Carrie Fisher's devotion to sarcasm and the higher form of wisecracking has made her an invigorating literary voice; her comic novel Postcards from the Edge
is every bit the equal of Anita Loos's Gentlemen Prefer Blondes
or Elaine Dundy's The Dud Avocado
. Aside from this, Fisher is forever Princess Leia, the heroine of the ruinously popular but seminal Star Wars
movies; for anyone of a certain generation who grew up on those films, we have a vested interest in Fisher and how she's holding up, and that interest is not always compassionate. At one point in this one-woman show, Fisher talks about googling herself and finding an article condemning her for putting on weight, obviously written by a male who had grown up on sexual fantasies of her as Leia in a bikini chained to Jabba the Hutt, and this is only one especially crude example of the surreal quality of her existence. In Postcards
, Fisher's alter ego Suzanne Vale says that she can see that a lot of her life is good, but she can't feel her life, and it's clear that if Suzanne or Fisher fully felt or comprehended everything that had happened to them, they'd collapse.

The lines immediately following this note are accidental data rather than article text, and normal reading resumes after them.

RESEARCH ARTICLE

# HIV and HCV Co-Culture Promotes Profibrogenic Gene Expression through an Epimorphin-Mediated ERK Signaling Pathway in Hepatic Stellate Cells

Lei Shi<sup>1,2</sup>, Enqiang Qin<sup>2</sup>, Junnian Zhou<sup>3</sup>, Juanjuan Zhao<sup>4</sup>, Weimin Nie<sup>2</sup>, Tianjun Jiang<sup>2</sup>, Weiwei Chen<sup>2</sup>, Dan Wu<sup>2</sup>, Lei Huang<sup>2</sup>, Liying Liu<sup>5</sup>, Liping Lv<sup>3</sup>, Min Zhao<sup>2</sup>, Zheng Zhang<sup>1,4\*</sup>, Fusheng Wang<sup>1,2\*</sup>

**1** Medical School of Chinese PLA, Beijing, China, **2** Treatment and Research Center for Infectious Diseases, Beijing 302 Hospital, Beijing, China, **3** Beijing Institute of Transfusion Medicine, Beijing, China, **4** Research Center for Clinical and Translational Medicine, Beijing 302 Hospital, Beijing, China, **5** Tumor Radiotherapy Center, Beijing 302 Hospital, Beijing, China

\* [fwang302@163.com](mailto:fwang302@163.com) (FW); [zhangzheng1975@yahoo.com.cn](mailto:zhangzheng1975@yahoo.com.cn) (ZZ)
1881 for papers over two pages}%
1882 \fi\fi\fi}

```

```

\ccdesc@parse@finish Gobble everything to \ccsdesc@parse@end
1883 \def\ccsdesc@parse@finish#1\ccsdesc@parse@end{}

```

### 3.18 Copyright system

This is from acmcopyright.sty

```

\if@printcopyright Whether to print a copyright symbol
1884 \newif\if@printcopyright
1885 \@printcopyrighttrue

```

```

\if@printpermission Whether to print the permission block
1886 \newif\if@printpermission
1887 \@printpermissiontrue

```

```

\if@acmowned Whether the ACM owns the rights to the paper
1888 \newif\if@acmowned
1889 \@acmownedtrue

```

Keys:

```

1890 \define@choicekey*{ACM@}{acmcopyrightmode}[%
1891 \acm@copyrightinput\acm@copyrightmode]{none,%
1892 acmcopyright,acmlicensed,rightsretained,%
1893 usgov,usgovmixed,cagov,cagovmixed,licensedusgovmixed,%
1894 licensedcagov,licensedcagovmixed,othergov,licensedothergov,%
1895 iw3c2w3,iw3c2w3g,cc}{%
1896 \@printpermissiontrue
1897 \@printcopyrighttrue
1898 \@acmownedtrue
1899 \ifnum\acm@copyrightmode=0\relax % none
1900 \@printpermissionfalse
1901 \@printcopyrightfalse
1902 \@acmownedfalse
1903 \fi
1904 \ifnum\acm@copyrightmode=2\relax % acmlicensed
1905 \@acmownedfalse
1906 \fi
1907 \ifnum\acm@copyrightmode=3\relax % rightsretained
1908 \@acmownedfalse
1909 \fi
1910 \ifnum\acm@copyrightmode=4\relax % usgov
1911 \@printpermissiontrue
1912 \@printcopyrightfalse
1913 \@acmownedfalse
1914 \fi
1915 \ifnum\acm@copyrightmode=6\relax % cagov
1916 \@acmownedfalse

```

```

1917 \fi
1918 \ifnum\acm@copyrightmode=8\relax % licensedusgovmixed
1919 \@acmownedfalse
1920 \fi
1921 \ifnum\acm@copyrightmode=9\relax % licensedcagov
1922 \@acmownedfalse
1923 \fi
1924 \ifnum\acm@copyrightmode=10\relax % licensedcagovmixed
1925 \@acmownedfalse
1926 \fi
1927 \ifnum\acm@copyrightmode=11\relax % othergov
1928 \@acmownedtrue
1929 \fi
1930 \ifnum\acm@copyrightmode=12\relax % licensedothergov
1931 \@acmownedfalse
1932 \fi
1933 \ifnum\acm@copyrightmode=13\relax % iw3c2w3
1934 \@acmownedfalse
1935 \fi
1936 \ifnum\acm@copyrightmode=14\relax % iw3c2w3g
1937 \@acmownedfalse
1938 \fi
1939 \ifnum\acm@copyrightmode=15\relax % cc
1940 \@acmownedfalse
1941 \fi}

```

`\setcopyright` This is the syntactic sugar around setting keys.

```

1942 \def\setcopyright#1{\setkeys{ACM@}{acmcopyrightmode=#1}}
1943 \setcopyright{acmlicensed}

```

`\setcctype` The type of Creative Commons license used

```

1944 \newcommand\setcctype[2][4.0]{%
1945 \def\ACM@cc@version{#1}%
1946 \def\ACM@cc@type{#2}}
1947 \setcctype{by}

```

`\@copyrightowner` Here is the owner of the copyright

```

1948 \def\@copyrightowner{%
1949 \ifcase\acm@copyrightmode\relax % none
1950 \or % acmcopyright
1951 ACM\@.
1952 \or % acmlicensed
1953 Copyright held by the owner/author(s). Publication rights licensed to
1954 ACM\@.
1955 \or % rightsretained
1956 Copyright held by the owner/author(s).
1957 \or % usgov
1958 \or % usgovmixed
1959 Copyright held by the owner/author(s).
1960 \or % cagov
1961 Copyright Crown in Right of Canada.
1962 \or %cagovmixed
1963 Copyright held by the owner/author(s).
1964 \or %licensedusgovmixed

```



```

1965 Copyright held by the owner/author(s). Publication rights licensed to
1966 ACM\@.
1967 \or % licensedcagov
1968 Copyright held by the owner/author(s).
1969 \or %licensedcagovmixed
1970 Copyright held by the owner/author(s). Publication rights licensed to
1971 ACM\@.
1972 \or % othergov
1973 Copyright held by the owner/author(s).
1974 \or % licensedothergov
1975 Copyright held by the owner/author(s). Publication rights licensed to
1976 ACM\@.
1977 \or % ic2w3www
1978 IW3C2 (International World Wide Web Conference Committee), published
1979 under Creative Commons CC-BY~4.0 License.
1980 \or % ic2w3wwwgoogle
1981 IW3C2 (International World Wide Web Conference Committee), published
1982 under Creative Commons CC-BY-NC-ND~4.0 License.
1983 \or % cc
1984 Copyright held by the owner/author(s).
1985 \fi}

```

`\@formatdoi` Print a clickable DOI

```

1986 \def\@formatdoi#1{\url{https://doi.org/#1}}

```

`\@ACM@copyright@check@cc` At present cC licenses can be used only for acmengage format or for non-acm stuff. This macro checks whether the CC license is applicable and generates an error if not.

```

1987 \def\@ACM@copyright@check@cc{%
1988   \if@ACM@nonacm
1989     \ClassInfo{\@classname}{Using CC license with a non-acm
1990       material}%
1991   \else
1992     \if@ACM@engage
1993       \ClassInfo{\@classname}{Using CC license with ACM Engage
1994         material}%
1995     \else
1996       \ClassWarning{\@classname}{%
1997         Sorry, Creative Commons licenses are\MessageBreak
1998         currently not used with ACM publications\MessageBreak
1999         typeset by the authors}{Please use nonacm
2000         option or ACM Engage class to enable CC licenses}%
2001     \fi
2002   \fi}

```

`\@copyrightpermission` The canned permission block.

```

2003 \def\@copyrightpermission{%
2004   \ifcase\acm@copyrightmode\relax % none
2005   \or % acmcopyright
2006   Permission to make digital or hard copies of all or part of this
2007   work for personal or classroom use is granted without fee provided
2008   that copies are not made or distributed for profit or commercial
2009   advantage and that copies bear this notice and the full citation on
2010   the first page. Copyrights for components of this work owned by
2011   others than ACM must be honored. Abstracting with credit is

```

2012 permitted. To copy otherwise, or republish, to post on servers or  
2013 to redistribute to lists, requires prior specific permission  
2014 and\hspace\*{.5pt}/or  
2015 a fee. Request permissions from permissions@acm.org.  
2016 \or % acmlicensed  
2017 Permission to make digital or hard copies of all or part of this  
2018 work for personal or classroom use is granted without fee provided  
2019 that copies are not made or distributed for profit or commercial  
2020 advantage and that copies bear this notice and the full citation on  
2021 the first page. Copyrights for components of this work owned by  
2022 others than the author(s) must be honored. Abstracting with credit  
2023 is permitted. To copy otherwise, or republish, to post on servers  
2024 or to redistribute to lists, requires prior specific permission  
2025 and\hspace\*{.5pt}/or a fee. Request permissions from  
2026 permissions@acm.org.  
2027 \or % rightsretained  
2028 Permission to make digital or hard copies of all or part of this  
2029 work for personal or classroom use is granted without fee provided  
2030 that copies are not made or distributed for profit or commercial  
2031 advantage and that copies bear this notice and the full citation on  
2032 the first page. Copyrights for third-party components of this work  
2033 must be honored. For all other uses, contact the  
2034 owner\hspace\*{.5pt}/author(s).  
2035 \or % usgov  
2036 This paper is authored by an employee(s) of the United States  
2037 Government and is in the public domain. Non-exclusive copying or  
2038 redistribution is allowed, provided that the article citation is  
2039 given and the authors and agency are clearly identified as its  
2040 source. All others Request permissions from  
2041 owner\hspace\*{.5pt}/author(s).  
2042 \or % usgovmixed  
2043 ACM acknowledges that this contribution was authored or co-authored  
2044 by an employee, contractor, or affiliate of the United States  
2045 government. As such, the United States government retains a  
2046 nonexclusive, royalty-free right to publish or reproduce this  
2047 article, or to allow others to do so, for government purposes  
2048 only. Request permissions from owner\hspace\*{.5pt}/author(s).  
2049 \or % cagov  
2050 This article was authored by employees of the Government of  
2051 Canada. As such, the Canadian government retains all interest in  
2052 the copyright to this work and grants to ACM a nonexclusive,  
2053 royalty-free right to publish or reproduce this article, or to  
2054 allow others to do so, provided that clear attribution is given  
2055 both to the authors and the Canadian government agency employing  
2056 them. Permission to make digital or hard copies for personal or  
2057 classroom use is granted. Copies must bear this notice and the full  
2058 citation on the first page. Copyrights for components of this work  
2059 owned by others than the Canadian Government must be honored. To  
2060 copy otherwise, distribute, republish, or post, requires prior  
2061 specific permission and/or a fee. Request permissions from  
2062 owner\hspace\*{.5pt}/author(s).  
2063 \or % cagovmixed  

Fisher has collapsed, of course, several times, but she keeps getting back up with a snappy one-liner; this attitude could feel glib or evasive, but it never does here, mainly because of her likeably messy warmth as a person. She's the exact opposite of her mother Debbie Reynolds, the ultimate cold showbiz pro whose smile is as unbreakable as armor as she sings "Tammy"
for the five thousandth time in her club act. When Fisher comes out at the top of her show, she works the crowd in a slippery way; though she's done this material many times by now, there's nothing slick about her delivery. Fisher stumbles sometimes, she works for her laughs, she gets charmingly discombobulated, and she plays the whole performance in pajamas and bare feet; this makes it seem like we're just sitting in her living room chatting with her.
Fisher runs into a no-doubt unexpected problem: a lot of the elderly audience I saw this with didn't really know Star Wars
. The old woman next to me said that she had never seen it, and even if some others had, they weren't at all invested in Star Wars
minutia. I enjoyed seeing Fisher put on her old Princess Leia hair buns
, but this little frisson isn't going to work for Broadway audiences, so many of whom are 150 years old. They like the Debbie and Eddie Fisher stories, and they're back with her when she recounts her tales of addiction and mental illness in the second act, but this is a show that is going to play better to Broadway tourists. To be honest, I feel that Carrie Fisher is one of those few performers and icons who is essentially above criticism; may the force be with her.
(photo credit: Joan Marcus)